ARTY: You wrote: “Indigenous People can look at a landscape and tell if the soil is healthy. They know how to see the health of the soil without needing a microscope.” Allan Savory, the founder of holistic livestock management, was criticized by scientists because initially he didn’t use scientific metrics to measure his success, but instead he used the overall improved health and biodiversity of the landscape. Is regenerative agriculture a place where traditional indigenous knowledge and science can complement each other?

A-DAE: One of the major components I hear consistently in regenerative agriculture is this idea of carbon sequestration. The language of science is very minute, talking about atoms and nutrients and carbon. These are things we can’t see unless you have a microscope and unless you know what a carbon atom looks like. It leaves the common farmer and the common Indigenous person outside of understanding, and that’s a problem. We need people to understand why it’s important to have healthy soil and why it’s important that you have a healthy root system that sequesters water. We need people to understand that. But counting carbon and counting molecules is not going to help people understand.

In regenerative agriculture, the science needs to follow healthy systems. Indigenous people are stewarding healthy systems. Rather than trying to disprove or prove the functionality of these systems, science needs to take their cues and use scientific methods to explain the importance and the positives of these stewarded lands. There are many reports that say carbon sequestration is happening in indigenous stewarded lands. In places like the Amazon or here in California where the Mono people are still doing traditional burns, or places along the rivers where Indigenous People are stewarding the salmon and the salmon burial grounds, those are some of the healthiest soils. Also, places that have been stewarded and kept by California indigenous basket-weavers, those are the places where carbon is probably its most healthy. Science rather than trying to count carbon, should work to explain to the Western scientific world why these stewarded places are so important and why these practices should be continued. 

In historical terms, science has been used to dispossess a lot of Indigenous Peoples of land. So, this idea that science is objective is kind of a fallacy to me because I think science is very much subject to political whims more than anything else. I could go off on politics and science, but I’m just going to end there.

ARTY: In the webinar you hosted as part of a First Nations Development Institute series on land stewardship, you said that agroecology is a non-indigenous term; it’s an interpretation of an indigenous way of farming, but not an interpretation by Indigenous People. How do Native voices become authentically included in the regenerative agriculture conversation?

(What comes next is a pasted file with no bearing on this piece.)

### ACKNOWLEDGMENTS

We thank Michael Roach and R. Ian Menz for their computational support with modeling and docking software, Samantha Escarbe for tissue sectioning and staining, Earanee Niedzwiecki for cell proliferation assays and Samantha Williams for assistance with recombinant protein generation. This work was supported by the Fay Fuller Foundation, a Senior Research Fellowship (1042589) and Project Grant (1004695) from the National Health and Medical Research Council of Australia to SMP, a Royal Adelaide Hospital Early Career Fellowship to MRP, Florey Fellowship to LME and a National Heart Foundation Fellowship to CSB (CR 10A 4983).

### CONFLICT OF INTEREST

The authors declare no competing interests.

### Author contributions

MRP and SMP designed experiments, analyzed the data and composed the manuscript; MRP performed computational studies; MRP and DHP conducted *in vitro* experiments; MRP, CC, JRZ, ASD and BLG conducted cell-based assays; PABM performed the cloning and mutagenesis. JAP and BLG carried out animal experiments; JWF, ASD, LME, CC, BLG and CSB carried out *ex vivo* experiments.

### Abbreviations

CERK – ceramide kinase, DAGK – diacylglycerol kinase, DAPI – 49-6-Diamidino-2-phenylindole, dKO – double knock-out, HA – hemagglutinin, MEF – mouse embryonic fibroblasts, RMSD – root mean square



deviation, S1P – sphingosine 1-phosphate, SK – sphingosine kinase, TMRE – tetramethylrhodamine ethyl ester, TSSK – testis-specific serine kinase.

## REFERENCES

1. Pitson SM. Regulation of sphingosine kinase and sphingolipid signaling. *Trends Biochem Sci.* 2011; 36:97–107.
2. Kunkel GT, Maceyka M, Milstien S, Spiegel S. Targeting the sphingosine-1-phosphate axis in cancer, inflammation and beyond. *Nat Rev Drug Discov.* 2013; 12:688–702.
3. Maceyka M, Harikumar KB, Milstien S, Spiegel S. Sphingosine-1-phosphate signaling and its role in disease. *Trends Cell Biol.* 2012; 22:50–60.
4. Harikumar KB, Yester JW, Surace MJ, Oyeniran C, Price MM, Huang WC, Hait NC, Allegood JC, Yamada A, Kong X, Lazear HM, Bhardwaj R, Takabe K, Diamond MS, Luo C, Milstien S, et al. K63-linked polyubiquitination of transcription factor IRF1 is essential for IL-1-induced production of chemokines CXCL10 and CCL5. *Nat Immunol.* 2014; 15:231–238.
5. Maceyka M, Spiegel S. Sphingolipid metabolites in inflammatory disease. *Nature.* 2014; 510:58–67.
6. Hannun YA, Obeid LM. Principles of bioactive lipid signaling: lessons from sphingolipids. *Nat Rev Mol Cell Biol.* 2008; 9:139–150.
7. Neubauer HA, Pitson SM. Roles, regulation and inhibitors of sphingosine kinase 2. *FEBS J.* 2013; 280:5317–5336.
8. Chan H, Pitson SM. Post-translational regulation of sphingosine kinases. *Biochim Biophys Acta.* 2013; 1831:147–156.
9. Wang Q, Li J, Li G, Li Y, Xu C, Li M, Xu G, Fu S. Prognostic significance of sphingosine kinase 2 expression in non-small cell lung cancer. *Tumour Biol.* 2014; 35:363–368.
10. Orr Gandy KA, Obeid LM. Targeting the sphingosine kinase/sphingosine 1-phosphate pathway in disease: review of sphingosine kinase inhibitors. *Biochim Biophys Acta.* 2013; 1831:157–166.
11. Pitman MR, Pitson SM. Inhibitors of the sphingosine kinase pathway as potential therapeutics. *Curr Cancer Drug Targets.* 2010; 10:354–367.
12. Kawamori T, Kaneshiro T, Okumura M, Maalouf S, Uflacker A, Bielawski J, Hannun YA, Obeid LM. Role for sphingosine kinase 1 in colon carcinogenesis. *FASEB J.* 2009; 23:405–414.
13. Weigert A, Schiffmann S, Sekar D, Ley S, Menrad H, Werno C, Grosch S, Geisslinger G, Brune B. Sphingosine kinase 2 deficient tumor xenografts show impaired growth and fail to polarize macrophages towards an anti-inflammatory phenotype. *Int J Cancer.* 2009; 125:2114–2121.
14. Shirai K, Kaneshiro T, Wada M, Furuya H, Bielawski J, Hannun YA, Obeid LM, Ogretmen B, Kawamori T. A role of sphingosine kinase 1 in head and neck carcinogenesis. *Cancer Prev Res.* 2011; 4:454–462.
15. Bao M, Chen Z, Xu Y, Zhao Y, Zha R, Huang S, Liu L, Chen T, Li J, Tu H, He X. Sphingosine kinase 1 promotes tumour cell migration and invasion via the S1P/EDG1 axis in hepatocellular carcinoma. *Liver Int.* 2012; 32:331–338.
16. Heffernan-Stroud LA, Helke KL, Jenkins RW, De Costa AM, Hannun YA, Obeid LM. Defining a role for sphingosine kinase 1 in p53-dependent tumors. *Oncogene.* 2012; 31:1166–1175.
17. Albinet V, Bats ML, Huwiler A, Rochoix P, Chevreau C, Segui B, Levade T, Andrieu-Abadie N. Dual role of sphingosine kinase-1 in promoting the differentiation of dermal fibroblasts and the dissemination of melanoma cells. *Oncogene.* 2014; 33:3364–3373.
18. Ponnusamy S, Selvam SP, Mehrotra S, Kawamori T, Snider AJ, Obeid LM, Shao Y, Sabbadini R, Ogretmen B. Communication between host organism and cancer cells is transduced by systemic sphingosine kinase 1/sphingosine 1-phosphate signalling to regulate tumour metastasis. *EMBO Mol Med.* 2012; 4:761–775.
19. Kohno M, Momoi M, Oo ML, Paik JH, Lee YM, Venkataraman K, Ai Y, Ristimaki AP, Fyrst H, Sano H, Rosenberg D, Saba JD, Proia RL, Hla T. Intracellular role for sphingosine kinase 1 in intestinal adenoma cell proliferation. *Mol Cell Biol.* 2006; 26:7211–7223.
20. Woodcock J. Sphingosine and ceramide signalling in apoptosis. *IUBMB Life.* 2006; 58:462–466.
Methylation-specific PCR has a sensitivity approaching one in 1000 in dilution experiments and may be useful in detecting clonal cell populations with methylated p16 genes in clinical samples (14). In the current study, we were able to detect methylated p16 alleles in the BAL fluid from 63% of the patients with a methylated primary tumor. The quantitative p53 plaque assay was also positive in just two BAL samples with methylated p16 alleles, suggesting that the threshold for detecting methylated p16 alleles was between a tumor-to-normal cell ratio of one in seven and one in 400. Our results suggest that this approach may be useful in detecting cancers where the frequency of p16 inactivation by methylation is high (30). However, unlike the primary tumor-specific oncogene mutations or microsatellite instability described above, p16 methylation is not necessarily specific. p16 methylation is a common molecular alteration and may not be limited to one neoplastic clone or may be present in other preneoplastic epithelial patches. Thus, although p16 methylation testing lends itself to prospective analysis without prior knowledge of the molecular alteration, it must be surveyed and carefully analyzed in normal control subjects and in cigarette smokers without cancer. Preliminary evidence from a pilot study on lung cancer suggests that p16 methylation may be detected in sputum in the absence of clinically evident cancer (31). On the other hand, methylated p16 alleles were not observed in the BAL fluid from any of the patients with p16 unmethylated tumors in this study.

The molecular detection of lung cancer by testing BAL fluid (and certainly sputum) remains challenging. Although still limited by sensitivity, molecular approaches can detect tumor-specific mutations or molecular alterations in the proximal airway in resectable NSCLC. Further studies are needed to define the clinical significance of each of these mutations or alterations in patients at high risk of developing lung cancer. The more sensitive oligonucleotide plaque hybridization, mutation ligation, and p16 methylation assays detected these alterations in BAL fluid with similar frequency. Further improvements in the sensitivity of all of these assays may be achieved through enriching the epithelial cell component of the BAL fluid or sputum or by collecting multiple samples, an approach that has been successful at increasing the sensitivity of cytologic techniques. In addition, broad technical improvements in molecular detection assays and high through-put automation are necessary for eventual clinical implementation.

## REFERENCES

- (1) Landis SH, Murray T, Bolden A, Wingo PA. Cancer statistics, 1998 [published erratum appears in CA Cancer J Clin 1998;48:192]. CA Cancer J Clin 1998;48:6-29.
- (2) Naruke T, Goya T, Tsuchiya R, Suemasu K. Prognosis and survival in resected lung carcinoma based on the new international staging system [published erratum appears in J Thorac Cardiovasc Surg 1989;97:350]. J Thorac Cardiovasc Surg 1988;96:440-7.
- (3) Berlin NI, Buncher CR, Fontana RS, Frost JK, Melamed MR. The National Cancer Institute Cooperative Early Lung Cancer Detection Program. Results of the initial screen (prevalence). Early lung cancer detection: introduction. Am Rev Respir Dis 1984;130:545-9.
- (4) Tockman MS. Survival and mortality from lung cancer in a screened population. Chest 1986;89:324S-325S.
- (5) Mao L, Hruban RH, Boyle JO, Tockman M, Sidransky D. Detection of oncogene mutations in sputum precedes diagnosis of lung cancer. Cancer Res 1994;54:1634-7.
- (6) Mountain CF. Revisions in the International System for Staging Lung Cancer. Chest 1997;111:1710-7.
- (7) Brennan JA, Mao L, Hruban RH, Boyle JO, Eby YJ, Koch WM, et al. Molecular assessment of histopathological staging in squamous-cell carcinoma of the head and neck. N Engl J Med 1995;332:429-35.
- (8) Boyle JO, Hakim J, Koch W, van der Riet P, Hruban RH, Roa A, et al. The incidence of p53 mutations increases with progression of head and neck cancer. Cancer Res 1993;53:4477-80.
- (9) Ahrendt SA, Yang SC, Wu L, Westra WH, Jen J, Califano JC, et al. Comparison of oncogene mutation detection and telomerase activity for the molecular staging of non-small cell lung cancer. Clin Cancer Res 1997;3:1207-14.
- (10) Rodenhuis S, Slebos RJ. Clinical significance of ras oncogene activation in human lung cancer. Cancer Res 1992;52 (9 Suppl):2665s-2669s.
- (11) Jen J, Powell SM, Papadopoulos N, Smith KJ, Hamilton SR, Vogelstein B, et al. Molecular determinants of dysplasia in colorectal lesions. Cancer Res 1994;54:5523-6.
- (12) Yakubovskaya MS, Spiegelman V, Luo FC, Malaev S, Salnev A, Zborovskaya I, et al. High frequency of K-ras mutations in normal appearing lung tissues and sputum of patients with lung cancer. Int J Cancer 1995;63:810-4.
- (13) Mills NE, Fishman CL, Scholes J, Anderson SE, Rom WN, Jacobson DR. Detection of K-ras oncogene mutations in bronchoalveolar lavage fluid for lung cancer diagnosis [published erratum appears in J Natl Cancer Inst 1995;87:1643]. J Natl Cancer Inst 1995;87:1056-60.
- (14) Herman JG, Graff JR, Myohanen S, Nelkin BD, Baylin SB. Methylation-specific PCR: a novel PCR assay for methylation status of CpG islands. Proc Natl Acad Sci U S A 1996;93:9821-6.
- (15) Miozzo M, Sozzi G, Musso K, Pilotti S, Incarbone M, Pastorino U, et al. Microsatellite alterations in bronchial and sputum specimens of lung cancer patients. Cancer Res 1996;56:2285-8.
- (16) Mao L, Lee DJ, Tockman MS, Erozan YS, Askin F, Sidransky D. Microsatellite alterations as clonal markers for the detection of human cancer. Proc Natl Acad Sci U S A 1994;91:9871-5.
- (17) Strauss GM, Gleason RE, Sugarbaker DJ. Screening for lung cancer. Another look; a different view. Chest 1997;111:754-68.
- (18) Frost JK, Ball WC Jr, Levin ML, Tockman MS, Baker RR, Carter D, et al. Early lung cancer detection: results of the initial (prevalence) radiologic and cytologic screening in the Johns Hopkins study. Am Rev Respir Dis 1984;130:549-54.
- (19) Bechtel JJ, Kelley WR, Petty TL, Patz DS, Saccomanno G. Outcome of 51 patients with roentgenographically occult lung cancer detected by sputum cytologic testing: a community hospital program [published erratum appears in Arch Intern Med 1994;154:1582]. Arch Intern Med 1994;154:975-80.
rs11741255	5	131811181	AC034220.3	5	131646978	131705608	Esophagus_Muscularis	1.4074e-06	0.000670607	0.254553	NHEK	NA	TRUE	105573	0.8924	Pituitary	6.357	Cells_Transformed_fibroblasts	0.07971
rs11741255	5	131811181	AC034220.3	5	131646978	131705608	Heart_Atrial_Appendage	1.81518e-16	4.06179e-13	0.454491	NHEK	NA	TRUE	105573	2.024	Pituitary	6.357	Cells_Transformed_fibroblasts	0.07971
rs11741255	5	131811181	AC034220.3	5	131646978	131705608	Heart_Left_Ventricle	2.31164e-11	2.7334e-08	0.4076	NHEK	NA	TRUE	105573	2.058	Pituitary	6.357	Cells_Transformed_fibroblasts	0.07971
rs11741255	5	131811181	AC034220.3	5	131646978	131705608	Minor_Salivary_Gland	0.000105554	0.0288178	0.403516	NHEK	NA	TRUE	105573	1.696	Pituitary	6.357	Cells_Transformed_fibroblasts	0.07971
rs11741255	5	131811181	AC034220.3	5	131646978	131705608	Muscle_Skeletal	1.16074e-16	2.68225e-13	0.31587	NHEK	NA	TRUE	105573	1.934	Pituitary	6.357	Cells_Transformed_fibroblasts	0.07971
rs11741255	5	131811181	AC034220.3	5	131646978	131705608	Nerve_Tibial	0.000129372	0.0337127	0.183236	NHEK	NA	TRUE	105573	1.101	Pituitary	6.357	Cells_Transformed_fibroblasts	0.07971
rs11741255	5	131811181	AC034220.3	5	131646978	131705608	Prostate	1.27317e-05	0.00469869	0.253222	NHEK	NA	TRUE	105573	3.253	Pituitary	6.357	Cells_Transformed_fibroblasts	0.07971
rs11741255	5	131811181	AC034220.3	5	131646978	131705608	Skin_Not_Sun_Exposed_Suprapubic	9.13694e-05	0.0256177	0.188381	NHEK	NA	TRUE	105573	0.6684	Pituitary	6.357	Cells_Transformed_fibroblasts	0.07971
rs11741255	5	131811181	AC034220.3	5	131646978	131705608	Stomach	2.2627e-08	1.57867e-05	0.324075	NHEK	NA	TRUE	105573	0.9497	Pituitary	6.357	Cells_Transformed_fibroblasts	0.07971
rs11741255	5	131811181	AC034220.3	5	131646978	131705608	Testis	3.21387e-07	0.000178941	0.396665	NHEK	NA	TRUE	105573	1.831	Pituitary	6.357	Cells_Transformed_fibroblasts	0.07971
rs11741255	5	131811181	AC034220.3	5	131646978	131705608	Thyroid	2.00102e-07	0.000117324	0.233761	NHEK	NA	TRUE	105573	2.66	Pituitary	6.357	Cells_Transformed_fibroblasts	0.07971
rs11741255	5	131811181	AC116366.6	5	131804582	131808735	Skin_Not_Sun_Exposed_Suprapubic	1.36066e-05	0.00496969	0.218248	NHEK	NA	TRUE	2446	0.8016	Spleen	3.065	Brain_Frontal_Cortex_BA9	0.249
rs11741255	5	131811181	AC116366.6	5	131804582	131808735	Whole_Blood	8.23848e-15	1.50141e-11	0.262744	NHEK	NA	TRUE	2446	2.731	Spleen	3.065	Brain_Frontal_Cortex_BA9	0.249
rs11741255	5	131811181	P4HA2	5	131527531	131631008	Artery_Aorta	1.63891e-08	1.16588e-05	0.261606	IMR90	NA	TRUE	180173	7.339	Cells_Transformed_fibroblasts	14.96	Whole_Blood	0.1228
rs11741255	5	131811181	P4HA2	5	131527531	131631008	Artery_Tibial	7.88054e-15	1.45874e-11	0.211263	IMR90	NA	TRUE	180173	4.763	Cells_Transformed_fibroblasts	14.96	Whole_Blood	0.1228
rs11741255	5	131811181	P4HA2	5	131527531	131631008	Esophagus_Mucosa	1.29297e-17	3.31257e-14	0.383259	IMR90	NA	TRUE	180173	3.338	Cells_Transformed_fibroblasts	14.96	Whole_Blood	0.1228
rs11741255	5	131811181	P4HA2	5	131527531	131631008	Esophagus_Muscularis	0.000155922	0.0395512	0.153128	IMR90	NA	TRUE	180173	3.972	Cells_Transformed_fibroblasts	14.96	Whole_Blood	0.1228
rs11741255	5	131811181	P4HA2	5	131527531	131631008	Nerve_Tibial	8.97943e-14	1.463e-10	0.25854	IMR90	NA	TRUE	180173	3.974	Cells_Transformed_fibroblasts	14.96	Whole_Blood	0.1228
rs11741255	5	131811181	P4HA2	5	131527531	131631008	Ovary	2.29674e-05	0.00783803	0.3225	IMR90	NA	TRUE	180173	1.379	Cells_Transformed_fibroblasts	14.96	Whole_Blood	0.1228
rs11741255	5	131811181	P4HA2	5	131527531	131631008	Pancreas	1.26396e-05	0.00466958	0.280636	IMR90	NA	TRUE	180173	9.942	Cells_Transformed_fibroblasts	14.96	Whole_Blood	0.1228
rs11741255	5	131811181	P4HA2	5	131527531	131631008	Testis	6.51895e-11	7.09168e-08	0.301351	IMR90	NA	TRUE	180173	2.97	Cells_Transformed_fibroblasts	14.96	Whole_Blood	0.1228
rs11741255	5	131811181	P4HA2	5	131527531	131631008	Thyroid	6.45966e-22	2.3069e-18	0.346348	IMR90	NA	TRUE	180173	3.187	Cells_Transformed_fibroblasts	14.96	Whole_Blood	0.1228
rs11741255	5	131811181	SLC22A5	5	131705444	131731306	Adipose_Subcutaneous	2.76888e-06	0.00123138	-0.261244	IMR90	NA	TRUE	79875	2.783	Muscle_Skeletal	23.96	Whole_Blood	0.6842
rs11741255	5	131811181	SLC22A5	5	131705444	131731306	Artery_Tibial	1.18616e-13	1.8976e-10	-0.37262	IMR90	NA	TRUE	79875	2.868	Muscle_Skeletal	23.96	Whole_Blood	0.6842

A-DAE: Invite them to the table. When I say agroecology is an interpretation, it’s because agroecology practices are practices without the people. Many of these other disciplines take practices of Indigenous People, but don’t include the people or don’t include their stories.

For instance, my grandpa would take me to the field and tell a story about the last time he saw conditions like this and what his grandparents did. Those stories are just as important as the practices or the l hoe that I pick up. Those stories are the guideposts that need to be laid out before we even start digging into the soil. Indigenous People need room to tell those stories.

The same goes for traditional ecological knowledge. Really, what does that mean? It’s a very broad term. Cochiti people do things differently than Pomo people. Pomo people do different things than Navajo people. The Navajo people do different things than Kiowa people. It’s much more nuanced than these terms that are in vogue or not in vogue depending on the time and audience.

Each of these peoples have their own practices and stories that go along with these practices. They need that whole spectrum, the full body, the full room and the time to tell those stories along with their practices, which currently is hard to find in any of these multiple disciplines, whether it be agroecology, permaculture, or traditional ecological knowledge. 

ARTY: What needs to happen to make the regenerative agriculture community more inclusive?

A-DAE: We need to challenge, as a community, the historical narrative of this country that begins with this idea that the farmer is the true American, and that agriculture is really how our continent was started. It started long before that event happened in our country, and regenerative agriculture needs to challenge that narrative that has led us astray thus far.